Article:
Cow became ten times brighter than a typical supernova, which is one of the most powerful explosions that exist. This is the research around this mysterious space phenomenon.
We put you on record: on June 16, 2018, a brilliant star explosion – completely different from what had been seen before – was unleashed in the skies, quickly capturing the attention of astronomers around the world.
The peculiar event was first seen by the ATLAS service in Hawaii, whose scientists dubbed it AT2018cow through a random name system. It would not take long to earn the nickname of ‘cow’ (cow, in English). Reasons were not lacking for such media success: just three days after the explosion, Cow had become ten times brighter than a typical supernova, which is one of the most powerful explosions that exist, announcement of the death of a massive star.
Therefore, the experts are completely lost in this new phenomenon. “We still do not know what this is, although it is one of the most studied cosmic events in history,” says Anna Ho, a graduate of Caltech and lead author of a study on the event. She argues that Cow was probably a supernova, but other scientists have proposed that it could have been caused by a black hole that destroyed a type of star called white dwarf.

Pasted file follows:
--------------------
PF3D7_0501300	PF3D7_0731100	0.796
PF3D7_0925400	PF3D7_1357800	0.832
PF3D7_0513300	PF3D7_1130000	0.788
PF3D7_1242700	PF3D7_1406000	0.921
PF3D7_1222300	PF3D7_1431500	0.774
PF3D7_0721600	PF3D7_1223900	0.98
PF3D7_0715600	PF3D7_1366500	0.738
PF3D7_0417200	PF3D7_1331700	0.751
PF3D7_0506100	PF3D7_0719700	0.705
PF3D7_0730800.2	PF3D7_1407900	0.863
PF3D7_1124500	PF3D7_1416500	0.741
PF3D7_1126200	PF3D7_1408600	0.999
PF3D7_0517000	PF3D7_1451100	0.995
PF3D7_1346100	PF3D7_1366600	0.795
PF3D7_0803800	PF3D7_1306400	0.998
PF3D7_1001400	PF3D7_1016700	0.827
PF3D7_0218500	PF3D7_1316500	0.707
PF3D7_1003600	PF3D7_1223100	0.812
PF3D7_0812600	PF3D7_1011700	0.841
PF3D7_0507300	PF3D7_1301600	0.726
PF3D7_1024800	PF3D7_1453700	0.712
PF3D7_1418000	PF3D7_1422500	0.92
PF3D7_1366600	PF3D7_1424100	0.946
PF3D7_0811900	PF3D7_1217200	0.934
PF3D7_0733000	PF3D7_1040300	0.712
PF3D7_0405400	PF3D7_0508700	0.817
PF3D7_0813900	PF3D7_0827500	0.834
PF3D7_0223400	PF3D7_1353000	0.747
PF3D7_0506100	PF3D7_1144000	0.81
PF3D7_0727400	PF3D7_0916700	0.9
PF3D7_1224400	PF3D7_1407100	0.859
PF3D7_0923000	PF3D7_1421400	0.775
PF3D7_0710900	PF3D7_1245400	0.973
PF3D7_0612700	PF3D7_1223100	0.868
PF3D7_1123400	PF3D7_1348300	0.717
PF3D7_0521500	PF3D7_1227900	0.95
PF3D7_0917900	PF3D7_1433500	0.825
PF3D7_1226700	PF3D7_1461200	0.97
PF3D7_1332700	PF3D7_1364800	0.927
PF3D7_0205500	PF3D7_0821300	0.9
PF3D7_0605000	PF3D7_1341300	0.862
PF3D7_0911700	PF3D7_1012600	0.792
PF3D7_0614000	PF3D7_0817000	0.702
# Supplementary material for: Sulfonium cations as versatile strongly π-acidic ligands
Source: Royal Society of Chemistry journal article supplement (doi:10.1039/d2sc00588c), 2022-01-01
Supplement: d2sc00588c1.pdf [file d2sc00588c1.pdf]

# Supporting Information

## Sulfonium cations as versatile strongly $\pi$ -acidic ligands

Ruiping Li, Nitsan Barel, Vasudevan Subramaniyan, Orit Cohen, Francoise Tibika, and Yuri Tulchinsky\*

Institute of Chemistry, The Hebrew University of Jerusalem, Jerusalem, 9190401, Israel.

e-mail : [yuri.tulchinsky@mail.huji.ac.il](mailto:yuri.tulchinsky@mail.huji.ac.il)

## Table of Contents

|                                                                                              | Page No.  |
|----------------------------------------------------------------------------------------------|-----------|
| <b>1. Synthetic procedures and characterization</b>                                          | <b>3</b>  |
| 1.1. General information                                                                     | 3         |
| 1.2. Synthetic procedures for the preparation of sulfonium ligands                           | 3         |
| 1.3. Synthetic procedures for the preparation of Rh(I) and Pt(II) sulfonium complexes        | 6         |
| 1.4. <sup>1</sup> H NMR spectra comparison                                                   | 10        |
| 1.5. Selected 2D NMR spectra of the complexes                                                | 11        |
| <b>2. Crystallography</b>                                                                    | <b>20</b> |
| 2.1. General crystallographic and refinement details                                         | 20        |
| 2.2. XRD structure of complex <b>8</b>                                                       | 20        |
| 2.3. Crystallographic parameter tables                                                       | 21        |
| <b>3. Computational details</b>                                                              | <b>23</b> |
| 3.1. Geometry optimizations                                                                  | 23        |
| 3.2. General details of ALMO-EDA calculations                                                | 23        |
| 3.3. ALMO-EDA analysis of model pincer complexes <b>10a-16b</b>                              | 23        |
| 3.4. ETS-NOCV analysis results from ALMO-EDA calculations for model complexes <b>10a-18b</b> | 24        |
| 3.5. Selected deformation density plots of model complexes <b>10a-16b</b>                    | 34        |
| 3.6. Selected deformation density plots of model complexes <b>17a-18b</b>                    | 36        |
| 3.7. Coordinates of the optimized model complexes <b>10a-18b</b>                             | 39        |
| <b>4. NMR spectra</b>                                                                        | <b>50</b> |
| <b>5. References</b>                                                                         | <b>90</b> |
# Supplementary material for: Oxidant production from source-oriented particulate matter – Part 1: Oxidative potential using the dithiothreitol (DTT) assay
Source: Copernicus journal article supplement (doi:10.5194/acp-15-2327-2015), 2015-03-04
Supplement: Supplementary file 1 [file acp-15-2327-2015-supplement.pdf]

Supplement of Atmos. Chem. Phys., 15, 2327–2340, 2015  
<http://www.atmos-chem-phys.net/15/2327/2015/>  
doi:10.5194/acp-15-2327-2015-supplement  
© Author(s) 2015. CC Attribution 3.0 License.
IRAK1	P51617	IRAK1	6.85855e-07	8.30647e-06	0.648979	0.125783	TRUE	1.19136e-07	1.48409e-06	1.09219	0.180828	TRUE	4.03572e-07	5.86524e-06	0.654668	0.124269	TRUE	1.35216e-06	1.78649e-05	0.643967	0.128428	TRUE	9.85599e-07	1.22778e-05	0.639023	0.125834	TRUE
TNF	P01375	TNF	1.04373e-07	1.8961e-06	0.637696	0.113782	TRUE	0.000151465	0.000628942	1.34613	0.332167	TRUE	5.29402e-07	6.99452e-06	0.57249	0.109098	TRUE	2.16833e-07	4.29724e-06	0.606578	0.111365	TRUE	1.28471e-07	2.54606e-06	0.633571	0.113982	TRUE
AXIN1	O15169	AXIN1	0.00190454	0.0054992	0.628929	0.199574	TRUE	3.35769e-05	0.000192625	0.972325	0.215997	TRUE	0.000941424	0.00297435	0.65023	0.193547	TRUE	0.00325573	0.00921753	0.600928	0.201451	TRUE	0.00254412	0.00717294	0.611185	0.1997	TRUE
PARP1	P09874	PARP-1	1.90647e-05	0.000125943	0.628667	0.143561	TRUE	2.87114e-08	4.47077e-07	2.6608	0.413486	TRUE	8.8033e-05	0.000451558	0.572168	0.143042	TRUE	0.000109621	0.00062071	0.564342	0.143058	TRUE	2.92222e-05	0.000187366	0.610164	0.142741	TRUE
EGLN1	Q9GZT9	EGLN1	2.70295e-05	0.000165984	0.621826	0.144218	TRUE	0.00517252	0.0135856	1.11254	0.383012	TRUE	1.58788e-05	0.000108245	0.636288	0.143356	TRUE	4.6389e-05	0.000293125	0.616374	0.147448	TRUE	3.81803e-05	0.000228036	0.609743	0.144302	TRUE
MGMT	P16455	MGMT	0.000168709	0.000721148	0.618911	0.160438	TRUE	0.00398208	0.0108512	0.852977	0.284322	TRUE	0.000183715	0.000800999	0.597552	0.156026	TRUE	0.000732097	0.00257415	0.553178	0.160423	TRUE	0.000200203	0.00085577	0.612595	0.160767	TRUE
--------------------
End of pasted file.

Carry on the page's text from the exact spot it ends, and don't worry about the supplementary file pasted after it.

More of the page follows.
In any case, and thanks to the technology that we explain below, astronomers believe that this is the first time that a newborn compact object is seen in real time, like a black hole, that shines brightly in X-rays. that, because it is embedded in the ejection of the supernova explosion, the engine would normally be hidden from view … at least until now.
How was the ‘cow’ studied?
Hours, days and weeks after the event, the terrestrial and space telescopes were set on Cow, observing a dramatic increase in brightness across the electromagnetic spectrum, from high-energy X-rays to low-energy radio waves.
Specifically, Ho and his colleagues observed millimeter wave light, which is slightly higher in energy than radio waves, from the Submillimeter Array in Hawaii and the Atacama Large Millimeter Array in Chile. “We have never seen such a bright supernova in millimeter waves. We were shocked, “he says. So much admiration caused the phenomenon that observed the event, which since then has decreased in brightness in millimeter waves, intermittently for no less than 80 days.
In his work, Ho states that the millimeter wave data reveals that a shock wave is coming out of the explosion at one tenth of the speed of light. “The millimeter waves inform us about the early evolution of these fast-paced events and their impact on the environment,” the scientist details. By combining the millimeter wave data with the X-ray data available to the public, the team was also able to conclude that Cow is probably “driven by a motor” and that a central object was formed from a supernova, such as a black hole or a dense death.
In the future, Ho says that astronomers should be able to observe more real-time cosmic events like this at millimeter wavelengths, thanks to more modern studies such as ATLAS or the Zwicky Transient Facility (ZTF) from Caltech, which capture these events a lot. faster than before.
“You have to act fast to catch the millimeter waves, but when you do, they give you a new window to what is happening in these brilliant explosions,” he concludes.